The Great Depression was in full swing when President Franklin D. Roosevelt ordered the creation of the Works Progress Administration in 1935. Renamed the Work Projects Administration in 1939, the WPA provided millions of jobs to help the unemployed. Mostly they required unskilled labor and involved public works projects such as building roads and bridges. But many artists were recruited for the visual arts arm of the WPA, the Federal Art Project.
More than 2 00,000 works were produced by the FAP, including paintings and murals such as the one in the Squirrel Hill post office. But many of the artworks were posters touting everything from clean teeth to water rationing and job safety. Some of the best encouraged people to see America, both the individual states and the national parks. The posters languished in the Library of Congress until Doug Levere of Buffalo, N.Y., came across them. Many of the silk-screened posters were dirty, damaged or not of high quality, but they struck a chord with Mr. Levere. Today his company, printcollection.com, reproduces them in a range of sizes (from 8 by 10 inches, $16.99, up to 36 by 46 inches, $229.99) on heavy archival paper in glorious color.
"They're actually images I love so much it became the whole idea behind doing the site," Mr. Levere explains. "Those are original silk-screen posters, so we had to do a lot of retouching, a lot of work to clean them up."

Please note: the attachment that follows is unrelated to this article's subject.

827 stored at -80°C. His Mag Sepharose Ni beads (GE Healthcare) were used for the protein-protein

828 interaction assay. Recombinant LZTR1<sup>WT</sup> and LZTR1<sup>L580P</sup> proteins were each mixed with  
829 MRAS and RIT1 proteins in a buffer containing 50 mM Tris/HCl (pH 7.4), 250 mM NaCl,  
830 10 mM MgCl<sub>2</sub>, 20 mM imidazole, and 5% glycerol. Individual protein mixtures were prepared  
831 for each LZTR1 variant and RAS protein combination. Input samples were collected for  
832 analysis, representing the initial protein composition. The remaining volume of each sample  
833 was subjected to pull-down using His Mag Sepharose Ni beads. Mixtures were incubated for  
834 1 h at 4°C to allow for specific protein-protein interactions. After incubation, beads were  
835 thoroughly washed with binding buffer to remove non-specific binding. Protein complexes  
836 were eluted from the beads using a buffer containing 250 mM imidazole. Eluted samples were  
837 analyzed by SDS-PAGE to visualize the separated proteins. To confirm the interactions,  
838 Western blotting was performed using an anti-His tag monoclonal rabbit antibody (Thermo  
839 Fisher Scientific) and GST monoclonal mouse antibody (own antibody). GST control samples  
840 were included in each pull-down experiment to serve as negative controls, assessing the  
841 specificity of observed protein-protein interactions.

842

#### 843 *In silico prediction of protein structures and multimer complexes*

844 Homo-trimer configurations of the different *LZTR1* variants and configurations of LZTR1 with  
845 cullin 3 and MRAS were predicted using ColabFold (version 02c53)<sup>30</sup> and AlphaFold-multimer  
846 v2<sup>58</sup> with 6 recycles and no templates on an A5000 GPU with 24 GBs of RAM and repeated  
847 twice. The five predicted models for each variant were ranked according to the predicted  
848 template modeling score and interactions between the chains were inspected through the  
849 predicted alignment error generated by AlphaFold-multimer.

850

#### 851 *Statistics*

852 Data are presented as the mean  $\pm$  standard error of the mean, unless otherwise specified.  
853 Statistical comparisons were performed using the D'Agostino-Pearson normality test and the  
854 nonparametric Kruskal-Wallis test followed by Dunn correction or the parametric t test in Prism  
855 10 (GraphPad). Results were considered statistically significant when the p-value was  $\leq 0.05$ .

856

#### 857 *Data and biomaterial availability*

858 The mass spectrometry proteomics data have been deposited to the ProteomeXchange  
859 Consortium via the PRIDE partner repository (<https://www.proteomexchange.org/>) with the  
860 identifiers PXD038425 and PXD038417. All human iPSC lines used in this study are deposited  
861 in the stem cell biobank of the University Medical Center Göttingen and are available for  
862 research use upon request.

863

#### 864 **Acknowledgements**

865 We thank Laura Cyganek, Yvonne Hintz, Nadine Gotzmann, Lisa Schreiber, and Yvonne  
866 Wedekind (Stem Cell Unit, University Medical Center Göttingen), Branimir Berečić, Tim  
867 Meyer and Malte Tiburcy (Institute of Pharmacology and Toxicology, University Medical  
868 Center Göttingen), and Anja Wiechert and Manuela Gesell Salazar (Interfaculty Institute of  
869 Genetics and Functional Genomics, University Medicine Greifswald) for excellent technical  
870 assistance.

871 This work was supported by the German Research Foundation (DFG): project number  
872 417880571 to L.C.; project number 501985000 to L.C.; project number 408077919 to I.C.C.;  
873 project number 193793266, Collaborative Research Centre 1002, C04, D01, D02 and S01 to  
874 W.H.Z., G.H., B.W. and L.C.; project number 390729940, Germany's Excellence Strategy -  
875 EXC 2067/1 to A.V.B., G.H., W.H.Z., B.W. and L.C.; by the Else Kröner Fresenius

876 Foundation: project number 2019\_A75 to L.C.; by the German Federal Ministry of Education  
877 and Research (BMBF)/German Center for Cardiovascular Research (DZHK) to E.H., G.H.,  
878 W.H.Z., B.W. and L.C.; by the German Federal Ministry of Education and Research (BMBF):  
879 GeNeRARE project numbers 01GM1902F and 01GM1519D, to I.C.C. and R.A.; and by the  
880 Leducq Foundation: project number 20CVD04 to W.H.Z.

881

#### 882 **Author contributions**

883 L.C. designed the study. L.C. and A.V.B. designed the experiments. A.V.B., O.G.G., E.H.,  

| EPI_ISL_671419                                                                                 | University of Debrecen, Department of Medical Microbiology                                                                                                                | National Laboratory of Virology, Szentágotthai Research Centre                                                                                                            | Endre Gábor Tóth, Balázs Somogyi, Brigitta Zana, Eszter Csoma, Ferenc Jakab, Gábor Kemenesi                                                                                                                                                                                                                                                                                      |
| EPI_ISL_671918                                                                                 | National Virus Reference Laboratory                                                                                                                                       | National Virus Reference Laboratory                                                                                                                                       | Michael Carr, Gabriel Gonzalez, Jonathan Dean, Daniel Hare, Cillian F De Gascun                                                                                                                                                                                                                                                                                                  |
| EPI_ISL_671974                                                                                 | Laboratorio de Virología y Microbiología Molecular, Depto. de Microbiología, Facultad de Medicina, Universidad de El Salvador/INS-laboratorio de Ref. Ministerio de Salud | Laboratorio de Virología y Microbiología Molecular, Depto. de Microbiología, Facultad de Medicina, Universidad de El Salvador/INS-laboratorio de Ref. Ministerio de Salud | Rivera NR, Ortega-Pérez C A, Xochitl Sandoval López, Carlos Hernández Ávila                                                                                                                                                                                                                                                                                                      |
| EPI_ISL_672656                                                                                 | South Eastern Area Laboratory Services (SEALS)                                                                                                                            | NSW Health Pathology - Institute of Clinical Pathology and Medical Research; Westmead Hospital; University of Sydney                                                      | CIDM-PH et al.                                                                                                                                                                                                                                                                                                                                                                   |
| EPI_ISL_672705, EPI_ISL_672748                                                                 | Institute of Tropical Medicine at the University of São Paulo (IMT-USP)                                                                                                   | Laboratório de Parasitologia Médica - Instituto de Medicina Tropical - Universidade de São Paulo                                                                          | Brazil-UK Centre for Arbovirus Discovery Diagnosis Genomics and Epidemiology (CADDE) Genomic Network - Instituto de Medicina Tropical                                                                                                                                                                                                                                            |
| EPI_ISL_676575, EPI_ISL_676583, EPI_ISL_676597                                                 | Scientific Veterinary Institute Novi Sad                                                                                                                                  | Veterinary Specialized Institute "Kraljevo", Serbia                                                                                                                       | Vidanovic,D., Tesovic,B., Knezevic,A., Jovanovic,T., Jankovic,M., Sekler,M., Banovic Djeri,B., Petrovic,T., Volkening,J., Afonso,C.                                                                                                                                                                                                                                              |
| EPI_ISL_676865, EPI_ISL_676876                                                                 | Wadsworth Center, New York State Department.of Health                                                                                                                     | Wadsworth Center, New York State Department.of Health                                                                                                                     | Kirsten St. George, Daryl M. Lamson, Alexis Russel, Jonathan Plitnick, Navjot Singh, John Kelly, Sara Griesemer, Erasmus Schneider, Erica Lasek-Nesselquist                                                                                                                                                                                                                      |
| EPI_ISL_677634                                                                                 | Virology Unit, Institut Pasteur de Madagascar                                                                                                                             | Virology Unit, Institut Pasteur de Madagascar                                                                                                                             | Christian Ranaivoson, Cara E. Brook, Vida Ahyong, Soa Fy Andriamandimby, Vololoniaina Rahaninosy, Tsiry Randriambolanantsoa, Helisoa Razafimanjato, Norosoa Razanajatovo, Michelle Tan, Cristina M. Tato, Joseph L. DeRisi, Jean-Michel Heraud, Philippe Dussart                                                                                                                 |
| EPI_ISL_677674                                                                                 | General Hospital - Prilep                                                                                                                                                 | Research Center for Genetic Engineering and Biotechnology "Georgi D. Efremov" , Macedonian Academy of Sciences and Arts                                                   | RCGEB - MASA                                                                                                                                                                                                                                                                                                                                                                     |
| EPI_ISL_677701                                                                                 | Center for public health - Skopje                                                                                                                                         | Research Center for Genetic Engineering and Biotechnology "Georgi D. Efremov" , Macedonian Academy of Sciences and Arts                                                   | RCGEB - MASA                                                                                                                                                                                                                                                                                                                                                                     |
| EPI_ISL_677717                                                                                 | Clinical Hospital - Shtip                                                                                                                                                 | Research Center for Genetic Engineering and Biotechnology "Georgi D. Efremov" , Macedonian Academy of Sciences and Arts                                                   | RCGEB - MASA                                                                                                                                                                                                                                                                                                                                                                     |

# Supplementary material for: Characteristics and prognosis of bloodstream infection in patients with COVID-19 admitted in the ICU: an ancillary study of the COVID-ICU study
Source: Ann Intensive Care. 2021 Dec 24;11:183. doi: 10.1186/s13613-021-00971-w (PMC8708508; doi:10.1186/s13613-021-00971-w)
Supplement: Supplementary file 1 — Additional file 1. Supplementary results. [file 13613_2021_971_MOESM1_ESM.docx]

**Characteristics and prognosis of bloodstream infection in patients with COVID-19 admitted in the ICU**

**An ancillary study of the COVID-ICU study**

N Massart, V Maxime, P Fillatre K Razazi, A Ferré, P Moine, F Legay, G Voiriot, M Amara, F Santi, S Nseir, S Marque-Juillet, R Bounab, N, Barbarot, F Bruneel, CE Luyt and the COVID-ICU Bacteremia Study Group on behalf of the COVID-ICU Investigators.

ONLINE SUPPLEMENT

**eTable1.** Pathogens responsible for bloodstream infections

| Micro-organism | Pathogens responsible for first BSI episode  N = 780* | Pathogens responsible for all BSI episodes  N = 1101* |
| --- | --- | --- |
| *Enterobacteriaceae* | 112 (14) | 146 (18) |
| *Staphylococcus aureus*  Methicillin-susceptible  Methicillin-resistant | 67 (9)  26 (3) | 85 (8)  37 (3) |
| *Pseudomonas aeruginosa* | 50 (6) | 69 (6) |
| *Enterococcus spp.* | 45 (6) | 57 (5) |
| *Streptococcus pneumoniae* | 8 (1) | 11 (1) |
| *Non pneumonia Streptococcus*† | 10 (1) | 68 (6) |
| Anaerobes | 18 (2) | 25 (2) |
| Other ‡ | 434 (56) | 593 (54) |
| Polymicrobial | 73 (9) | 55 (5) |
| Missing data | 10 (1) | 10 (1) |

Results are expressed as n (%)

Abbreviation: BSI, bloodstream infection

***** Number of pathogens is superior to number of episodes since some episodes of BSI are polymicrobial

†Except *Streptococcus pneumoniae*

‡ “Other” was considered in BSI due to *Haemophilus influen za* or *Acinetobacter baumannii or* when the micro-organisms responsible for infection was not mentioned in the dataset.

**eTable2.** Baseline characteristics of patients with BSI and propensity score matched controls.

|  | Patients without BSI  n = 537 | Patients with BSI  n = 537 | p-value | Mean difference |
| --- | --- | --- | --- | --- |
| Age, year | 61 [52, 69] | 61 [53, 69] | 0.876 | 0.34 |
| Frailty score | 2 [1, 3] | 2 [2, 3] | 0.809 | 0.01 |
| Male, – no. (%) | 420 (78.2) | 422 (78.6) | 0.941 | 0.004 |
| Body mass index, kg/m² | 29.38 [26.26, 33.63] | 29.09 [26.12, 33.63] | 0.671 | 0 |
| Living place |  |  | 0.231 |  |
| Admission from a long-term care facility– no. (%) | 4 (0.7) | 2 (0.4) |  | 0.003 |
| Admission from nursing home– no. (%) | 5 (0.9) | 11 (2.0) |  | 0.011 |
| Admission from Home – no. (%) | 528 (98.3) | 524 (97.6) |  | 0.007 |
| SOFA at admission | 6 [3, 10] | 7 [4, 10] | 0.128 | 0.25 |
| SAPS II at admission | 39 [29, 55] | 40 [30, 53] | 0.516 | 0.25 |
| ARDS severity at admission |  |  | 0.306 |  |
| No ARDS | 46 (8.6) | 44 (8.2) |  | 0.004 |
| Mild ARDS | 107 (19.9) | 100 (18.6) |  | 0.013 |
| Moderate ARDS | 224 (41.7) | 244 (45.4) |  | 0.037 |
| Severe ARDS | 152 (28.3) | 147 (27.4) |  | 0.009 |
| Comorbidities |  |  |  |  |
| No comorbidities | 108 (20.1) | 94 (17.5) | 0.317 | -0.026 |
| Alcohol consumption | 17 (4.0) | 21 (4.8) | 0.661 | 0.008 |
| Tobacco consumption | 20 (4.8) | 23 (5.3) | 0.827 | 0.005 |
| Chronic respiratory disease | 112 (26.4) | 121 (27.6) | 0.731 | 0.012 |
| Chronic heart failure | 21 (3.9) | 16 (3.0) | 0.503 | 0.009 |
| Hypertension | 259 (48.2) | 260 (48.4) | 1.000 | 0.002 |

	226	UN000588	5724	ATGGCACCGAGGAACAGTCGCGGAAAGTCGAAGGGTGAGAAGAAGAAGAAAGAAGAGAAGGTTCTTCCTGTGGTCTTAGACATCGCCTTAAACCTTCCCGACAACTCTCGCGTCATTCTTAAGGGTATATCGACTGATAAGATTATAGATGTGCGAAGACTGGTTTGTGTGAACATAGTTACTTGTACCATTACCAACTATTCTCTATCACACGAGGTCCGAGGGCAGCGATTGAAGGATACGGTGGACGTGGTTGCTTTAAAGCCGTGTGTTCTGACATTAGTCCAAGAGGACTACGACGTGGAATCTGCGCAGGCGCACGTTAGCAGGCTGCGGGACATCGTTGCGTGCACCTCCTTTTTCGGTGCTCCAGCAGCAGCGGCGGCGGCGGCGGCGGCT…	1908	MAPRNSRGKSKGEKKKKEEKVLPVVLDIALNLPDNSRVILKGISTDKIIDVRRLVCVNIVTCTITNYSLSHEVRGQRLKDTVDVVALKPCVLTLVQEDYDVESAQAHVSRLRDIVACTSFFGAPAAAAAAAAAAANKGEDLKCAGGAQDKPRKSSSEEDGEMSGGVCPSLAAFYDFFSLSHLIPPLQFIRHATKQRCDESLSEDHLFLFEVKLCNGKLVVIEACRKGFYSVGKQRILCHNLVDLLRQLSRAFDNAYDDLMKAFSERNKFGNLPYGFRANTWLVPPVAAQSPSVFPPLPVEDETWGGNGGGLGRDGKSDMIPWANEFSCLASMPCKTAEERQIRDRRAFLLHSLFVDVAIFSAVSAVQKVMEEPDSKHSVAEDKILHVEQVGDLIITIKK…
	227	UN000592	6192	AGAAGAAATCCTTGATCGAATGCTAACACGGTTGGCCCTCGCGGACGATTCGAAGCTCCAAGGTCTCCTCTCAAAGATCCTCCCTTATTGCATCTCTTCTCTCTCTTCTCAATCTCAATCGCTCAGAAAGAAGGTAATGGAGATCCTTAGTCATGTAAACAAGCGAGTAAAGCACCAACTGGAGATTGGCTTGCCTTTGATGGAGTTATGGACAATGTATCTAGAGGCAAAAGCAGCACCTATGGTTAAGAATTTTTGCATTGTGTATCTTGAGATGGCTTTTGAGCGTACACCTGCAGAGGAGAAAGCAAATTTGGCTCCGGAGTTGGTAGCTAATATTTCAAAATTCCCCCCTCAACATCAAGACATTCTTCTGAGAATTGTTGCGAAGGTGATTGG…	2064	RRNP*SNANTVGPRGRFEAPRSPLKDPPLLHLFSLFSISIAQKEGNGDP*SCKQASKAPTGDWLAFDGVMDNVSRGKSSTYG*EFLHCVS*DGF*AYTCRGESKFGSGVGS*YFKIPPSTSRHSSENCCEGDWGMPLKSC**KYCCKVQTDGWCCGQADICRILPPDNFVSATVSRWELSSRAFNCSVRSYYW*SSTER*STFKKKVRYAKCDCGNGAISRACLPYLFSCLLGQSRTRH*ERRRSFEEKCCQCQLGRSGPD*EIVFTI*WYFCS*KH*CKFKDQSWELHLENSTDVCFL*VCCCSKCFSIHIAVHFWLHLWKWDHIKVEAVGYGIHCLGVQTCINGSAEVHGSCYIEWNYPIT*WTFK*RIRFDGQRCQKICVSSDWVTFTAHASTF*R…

Mr. Levere is a photographer, his mother was a fashion illustrator and his father was a printer, but he credits his appreciation of the WPA posters to his grandfather, "a one-man art studio who did hand-drawn works similar to these." His favorite posters include Carlsbad Caverns, Montana and the Grand Canyon.
"I've hired a designer to create contemporary posters in the spirit of the WPA," he said. "They will very much have a similar feeling, but we're going to do parks that don't have posters or that didn't survive, like the Golden Gate National Recreation Area. We're sharing these old pieces and mixing them with contemporary designs to bring interest on both sides."
Go to www.printcollection.com to view the entire collection or to purchase some.